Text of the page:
“We all have to practice common sense cybersecurity hygiene every day – and do what we can to prevent threats. That’s why you should think of your activities online like eating. You’d naturally be wary if a complete stranger walked up to you and offered you food. Suspicious messages, web pages, links and other cyber-morsels should be treated with similar caution,” Saito said.
By normalizing the idea that cybersecurity is just a normal part of our everyday lives, William Saito said we can get rid of some of the stigmas around talking about security breaches. Instead of hiding past failures, Saito encourages people and organizations to share their stories about security breaches. Expanding the circle of thought and understanding, he says, is the only way we will grow as a culture to be able to address these issues.
“If all we’re doing is detecting and analyzing attacks after they’ve taken place, then the attackers have already won. If you practice day-to-day prevention, just as you’d maintain your health and home, cybersecurity can be simple, effective and as routine as brushing your teeth,” Saito said.
“There’s no such thing as perfect security – the key here is resilience. That’s the ability to take a hit and keep going, or in certain cases failure, to default to a protected state. You should architect security with a prevention-first mindset, and also view attacks as an opportunity to learn about vulnerabilities and grow stronger based on that knowledge.”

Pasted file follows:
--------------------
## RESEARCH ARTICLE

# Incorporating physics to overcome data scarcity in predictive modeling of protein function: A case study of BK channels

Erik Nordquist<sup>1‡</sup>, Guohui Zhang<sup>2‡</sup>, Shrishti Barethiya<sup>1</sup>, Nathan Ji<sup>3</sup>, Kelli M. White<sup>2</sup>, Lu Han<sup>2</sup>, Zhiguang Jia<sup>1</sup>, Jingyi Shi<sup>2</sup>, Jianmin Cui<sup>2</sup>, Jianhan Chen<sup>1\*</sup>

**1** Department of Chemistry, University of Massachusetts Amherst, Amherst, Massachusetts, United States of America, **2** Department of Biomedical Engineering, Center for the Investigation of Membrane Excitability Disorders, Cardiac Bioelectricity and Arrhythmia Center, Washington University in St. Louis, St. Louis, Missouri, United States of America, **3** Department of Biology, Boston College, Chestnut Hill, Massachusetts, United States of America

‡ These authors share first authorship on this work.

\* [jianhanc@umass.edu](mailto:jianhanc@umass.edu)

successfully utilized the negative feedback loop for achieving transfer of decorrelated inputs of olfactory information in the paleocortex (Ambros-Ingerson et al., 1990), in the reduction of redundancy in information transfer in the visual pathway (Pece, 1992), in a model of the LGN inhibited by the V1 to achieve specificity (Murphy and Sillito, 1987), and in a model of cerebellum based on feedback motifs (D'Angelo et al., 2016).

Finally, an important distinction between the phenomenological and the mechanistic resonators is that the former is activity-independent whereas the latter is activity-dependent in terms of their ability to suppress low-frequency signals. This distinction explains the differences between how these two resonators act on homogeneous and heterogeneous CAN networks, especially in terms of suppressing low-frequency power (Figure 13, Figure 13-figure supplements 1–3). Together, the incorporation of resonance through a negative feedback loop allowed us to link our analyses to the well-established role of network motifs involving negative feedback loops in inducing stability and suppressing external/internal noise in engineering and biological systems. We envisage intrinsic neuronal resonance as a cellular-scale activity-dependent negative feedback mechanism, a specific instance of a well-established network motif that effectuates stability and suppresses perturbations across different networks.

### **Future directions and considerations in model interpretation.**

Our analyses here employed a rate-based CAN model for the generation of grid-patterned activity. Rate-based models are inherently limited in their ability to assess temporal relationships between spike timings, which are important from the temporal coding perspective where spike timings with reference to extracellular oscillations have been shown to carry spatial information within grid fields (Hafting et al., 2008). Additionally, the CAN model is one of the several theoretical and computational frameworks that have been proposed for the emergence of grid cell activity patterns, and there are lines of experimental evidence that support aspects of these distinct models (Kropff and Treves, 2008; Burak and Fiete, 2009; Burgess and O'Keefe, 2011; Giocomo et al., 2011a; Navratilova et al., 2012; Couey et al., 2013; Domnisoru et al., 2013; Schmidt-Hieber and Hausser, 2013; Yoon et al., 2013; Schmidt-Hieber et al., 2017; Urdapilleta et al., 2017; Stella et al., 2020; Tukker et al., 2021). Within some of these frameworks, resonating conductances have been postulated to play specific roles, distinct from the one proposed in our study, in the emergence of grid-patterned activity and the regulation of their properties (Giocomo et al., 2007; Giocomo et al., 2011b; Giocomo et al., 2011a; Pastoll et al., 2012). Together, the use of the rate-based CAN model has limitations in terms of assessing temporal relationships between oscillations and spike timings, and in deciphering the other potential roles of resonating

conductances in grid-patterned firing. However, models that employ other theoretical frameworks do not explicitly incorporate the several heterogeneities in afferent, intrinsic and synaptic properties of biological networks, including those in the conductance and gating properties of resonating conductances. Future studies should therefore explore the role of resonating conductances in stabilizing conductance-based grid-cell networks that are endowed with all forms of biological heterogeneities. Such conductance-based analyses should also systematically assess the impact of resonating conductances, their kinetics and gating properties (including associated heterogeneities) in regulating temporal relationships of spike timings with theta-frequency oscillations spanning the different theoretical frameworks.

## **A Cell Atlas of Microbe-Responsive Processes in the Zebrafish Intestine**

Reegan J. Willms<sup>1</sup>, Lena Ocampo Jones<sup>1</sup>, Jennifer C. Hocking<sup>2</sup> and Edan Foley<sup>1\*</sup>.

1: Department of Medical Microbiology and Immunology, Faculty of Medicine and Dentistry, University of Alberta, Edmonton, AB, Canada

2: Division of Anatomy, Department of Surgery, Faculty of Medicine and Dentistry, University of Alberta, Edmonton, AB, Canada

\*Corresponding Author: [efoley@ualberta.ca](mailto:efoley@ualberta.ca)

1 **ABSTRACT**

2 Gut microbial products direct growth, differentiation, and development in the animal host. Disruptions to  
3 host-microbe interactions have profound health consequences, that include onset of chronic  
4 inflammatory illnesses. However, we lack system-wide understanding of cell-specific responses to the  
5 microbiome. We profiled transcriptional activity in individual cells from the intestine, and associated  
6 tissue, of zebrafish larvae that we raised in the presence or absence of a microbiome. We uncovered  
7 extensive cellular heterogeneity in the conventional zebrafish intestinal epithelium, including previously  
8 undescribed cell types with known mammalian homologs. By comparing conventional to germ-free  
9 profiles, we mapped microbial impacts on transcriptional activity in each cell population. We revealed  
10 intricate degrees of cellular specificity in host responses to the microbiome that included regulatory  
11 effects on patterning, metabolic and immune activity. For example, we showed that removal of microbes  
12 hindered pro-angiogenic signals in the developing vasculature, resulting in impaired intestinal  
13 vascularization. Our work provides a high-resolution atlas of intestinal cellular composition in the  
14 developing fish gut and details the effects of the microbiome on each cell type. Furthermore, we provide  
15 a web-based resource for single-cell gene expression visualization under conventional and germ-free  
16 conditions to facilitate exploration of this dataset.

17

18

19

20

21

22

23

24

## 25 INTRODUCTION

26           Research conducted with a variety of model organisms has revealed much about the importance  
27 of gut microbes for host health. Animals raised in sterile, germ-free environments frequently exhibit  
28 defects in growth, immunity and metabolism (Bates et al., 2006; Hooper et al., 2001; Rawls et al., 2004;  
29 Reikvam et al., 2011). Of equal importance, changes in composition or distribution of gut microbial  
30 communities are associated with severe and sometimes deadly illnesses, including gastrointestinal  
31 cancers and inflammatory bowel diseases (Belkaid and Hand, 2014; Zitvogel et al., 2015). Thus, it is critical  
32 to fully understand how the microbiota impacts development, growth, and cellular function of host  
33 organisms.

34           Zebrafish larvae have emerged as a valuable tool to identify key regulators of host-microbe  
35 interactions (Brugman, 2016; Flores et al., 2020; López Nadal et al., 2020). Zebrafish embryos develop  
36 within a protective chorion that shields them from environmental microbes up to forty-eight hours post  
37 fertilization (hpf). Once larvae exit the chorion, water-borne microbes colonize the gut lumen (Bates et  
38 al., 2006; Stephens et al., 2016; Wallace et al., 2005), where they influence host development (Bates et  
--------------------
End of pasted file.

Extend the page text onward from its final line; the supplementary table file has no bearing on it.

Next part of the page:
Stay Vigilant Before Disaster Strikes
William Saito’s experiences in the public and private sector have informed the way he thinks about security at every level. He boils it down in layman’s terms to treating cyber security in the same way we think about any other precaution we take in our lives. We have to assume that we’re vulnerable, even when things seem to be going smoothly.
“Hackers never sleep. They use automation better than most businesses and can sit at their desks scanning the entire planet for victims with a mouse click. While personal computers usually have automatic security updating, many businesses have security updates set to “manual” so they won’t disrupt their operations,” William Saito said.
“Just like checking smoke alarms or changing the oil in a car, we have to deal with these occasional nuisances to be safe – and find security technologies that will actually enable, not slow down, core business operations,” he added.
For Saito, that means vigilance is key — even after you might think that the worst of an attack has ended. This means that there’s likely more to come. We need to build defensiveness into our internet culture to make sure we understand why these things are able to happen in the first place.
“It’s not game over if they penetrate one part of your system; they’ll have to overcome many obstacles to get the data or whatever else they’re after. Thus, it’s important to be proactively defensive and to understand that in a well-designed system there are many opportunities to stop bad guys from accomplishing their end goal. Resilience and communication are key,” Saito told Forbes.
It starts from the bottom and should be implemented at every level up to the top. It can never start too early. It’s a part of every function of an organization and something that we can all learn to think about in a more nuanced way.
“Leaders need to get smart about cybersecurity and realize that it’s much more than an issue for the IT department. As a mission-critical piece of infrastructure, cyber cuts across all divisions of an organization and affects everyone. An effective cybersecurity strategy, organized to prevent versus only remediate cyber-attacks, can improve competitiveness and even lead to a better work-life balance among employees. The time to start is now.”
Follow William Saito: